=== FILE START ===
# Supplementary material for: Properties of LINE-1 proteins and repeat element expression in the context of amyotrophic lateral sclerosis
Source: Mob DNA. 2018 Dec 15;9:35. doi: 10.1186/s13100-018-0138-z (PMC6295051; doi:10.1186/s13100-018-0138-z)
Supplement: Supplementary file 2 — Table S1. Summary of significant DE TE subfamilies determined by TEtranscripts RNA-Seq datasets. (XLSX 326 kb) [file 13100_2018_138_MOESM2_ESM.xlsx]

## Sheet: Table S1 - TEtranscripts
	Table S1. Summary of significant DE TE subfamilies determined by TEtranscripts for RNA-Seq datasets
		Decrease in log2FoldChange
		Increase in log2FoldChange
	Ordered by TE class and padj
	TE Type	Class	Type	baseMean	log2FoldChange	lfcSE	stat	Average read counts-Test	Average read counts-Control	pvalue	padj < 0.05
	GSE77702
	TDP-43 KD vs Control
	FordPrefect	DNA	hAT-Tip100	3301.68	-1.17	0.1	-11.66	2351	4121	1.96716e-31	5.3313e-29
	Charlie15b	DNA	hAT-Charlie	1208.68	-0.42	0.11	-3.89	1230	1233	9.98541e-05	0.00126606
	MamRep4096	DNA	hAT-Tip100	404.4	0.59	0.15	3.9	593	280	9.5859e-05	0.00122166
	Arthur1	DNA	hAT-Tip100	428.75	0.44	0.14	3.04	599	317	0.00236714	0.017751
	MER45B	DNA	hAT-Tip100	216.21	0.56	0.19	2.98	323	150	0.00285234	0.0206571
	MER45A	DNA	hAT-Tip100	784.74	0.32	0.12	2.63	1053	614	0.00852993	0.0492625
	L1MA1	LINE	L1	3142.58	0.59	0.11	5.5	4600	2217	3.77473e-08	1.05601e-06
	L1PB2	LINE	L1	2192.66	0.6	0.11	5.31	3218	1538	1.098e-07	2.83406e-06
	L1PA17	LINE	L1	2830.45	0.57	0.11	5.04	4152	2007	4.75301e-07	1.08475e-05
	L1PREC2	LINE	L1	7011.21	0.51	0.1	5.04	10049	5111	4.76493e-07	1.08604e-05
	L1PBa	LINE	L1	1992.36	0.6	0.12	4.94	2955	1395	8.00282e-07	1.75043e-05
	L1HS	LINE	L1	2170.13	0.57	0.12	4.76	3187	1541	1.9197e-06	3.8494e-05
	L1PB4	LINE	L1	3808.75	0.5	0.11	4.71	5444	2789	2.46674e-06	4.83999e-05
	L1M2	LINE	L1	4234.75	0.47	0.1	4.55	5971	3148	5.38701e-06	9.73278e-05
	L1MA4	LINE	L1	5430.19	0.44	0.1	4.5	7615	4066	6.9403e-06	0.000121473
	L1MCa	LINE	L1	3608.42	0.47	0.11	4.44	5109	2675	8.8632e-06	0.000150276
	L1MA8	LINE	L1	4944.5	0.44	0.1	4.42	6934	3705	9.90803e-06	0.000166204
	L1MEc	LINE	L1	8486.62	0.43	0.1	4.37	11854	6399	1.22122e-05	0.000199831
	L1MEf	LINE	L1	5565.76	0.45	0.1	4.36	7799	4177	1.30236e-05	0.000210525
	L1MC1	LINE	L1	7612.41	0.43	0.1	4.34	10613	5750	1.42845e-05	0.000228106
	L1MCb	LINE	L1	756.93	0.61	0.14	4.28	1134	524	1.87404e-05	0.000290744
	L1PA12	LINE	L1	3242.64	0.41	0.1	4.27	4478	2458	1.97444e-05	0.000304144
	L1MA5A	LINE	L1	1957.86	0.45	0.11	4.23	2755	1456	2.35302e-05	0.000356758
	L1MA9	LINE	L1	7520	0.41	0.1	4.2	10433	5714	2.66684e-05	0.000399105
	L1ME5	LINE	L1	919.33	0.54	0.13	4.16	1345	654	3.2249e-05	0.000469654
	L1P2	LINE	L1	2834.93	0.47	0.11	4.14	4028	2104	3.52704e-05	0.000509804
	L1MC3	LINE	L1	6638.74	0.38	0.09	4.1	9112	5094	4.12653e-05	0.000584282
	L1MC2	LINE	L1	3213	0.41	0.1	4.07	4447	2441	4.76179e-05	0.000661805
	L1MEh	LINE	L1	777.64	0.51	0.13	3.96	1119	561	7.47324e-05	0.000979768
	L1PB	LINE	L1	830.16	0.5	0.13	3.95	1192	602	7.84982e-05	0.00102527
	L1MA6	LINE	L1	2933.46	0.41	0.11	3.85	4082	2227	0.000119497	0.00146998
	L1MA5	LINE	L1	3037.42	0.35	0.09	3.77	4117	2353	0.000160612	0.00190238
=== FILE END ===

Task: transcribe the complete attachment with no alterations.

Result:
# Supplementary material for: Properties of LINE-1 proteins and repeat element expression in the context of amyotrophic lateral sclerosis
Source: Mob DNA. 2018 Dec 15;9:35. doi: 10.1186/s13100-018-0138-z (PMC6295051; doi:10.1186/s13100-018-0138-z)
Supplement: Supplementary file 2 — Table S1. Summary of significant DE TE subfamilies determined by TEtranscripts RNA-Seq datasets. (XLSX 326 kb) [file 13100_2018_138_MOESM2_ESM.xlsx]

## Sheet: Table S1 - TEtranscripts
	Table S1. Summary of significant DE TE subfamilies determined by TEtranscripts for RNA-Seq datasets
		Decrease in log2FoldChange
		Increase in log2FoldChange
	Ordered by TE class and padj
	TE Type	Class	Type	baseMean	log2FoldChange	lfcSE	stat	Average read counts-Test	Average read counts-Control	pvalue	padj < 0.05
	GSE77702
	TDP-43 KD vs Control
	FordPrefect	DNA	hAT-Tip100	3301.68	-1.17	0.1	-11.66	2351	4121	1.96716e-31	5.3313e-29
	Charlie15b	DNA	hAT-Charlie	1208.68	-0.42	0.11	-3.89	1230	1233	9.98541e-05	0.00126606
	MamRep4096	DNA	hAT-Tip100	404.4	0.59	0.15	3.9	593	280	9.5859e-05	0.00122166
	Arthur1	DNA	hAT-Tip100	428.75	0.44	0.14	3.04	599	317	0.00236714	0.017751
	MER45B	DNA	hAT-Tip100	216.21	0.56	0.19	2.98	323	150	0.00285234	0.0206571
	MER45A	DNA	hAT-Tip100	784.74	0.32	0.12	2.63	1053	614	0.00852993	0.0492625
	L1MA1	LINE	L1	3142.58	0.59	0.11	5.5	4600	2217	3.77473e-08	1.05601e-06
	L1PB2	LINE	L1	2192.66	0.6	0.11	5.31	3218	1538	1.098e-07	2.83406e-06
	L1PA17	LINE	L1	2830.45	0.57	0.11	5.04	4152	2007	4.75301e-07	1.08475e-05
	L1PREC2	LINE	L1	7011.21	0.51	0.1	5.04	10049	5111	4.76493e-07	1.08604e-05
	L1PBa	LINE	L1	1992.36	0.6	0.12	4.94	2955	1395	8.00282e-07	1.75043e-05
	L1HS	LINE	L1	2170.13	0.57	0.12	4.76	3187	1541	1.9197e-06	3.8494e-05
	L1PB4	LINE	L1	3808.75	0.5	0.11	4.71	5444	2789	2.46674e-06	4.83999e-05
	L1M2	LINE	L1	4234.75	0.47	0.1	4.55	5971	3148	5.38701e-06	9.73278e-05
	L1MA4	LINE	L1	5430.19	0.44	0.1	4.5	7615	4066	6.9403e-06	0.000121473
	L1MCa	LINE	L1	3608.42	0.47	0.11	4.44	5109	2675	8.8632e-06	0.000150276
	L1MA8	LINE	L1	4944.5	0.44	0.1	4.42	6934	3705	9.90803e-06	0.000166204
	L1MEc	LINE	L1	8486.62	0.43	0.1	4.37	11854	6399	1.22122e-05	0.000199831
	L1MEf	LINE	L1	5565.76	0.45	0.1	4.36	7799	4177	1.30236e-05	0.000210525
	L1MC1	LINE	L1	7612.41	0.43	0.1	4.34	10613	5750	1.42845e-05	0.000228106
	L1MCb	LINE	L1	756.93	0.61	0.14	4.28	1134	524	1.87404e-05	0.000290744
	L1PA12	LINE	L1	3242.64	0.41	0.1	4.27	4478	2458	1.97444e-05	0.000304144
	L1MA5A	LINE	L1	1957.86	0.45	0.11	4.23	2755	1456	2.35302e-05	0.000356758
	L1MA9	LINE	L1	7520	0.41	0.1	4.2	10433	5714	2.66684e-05	0.000399105
	L1ME5	LINE	L1	919.33	0.54	0.13	4.16	1345	654	3.2249e-05	0.000469654
	L1P2	LINE	L1	2834.93	0.47	0.11	4.14	4028	2104	3.52704e-05	0.000509804
	L1MC3	LINE	L1	6638.74	0.38	0.09	4.1	9112	5094	4.12653e-05	0.000584282
	L1MC2	LINE	L1	3213	0.41	0.1	4.07	4447	2441	4.76179e-05	0.000661805
	L1MEh	LINE	L1	777.64	0.51	0.13	3.96	1119	561	7.47324e-05	0.000979768
	L1PB	LINE	L1	830.16	0.5	0.13	3.95	1192	602	7.84982e-05	0.00102527
	L1MA6	LINE	L1	2933.46	0.41	0.11	3.85	4082	2227	0.000119497	0.00146998
	L1MA5	LINE	L1	3037.42	0.35	0.09	3.77	4117	2353	0.000160612	0.00190238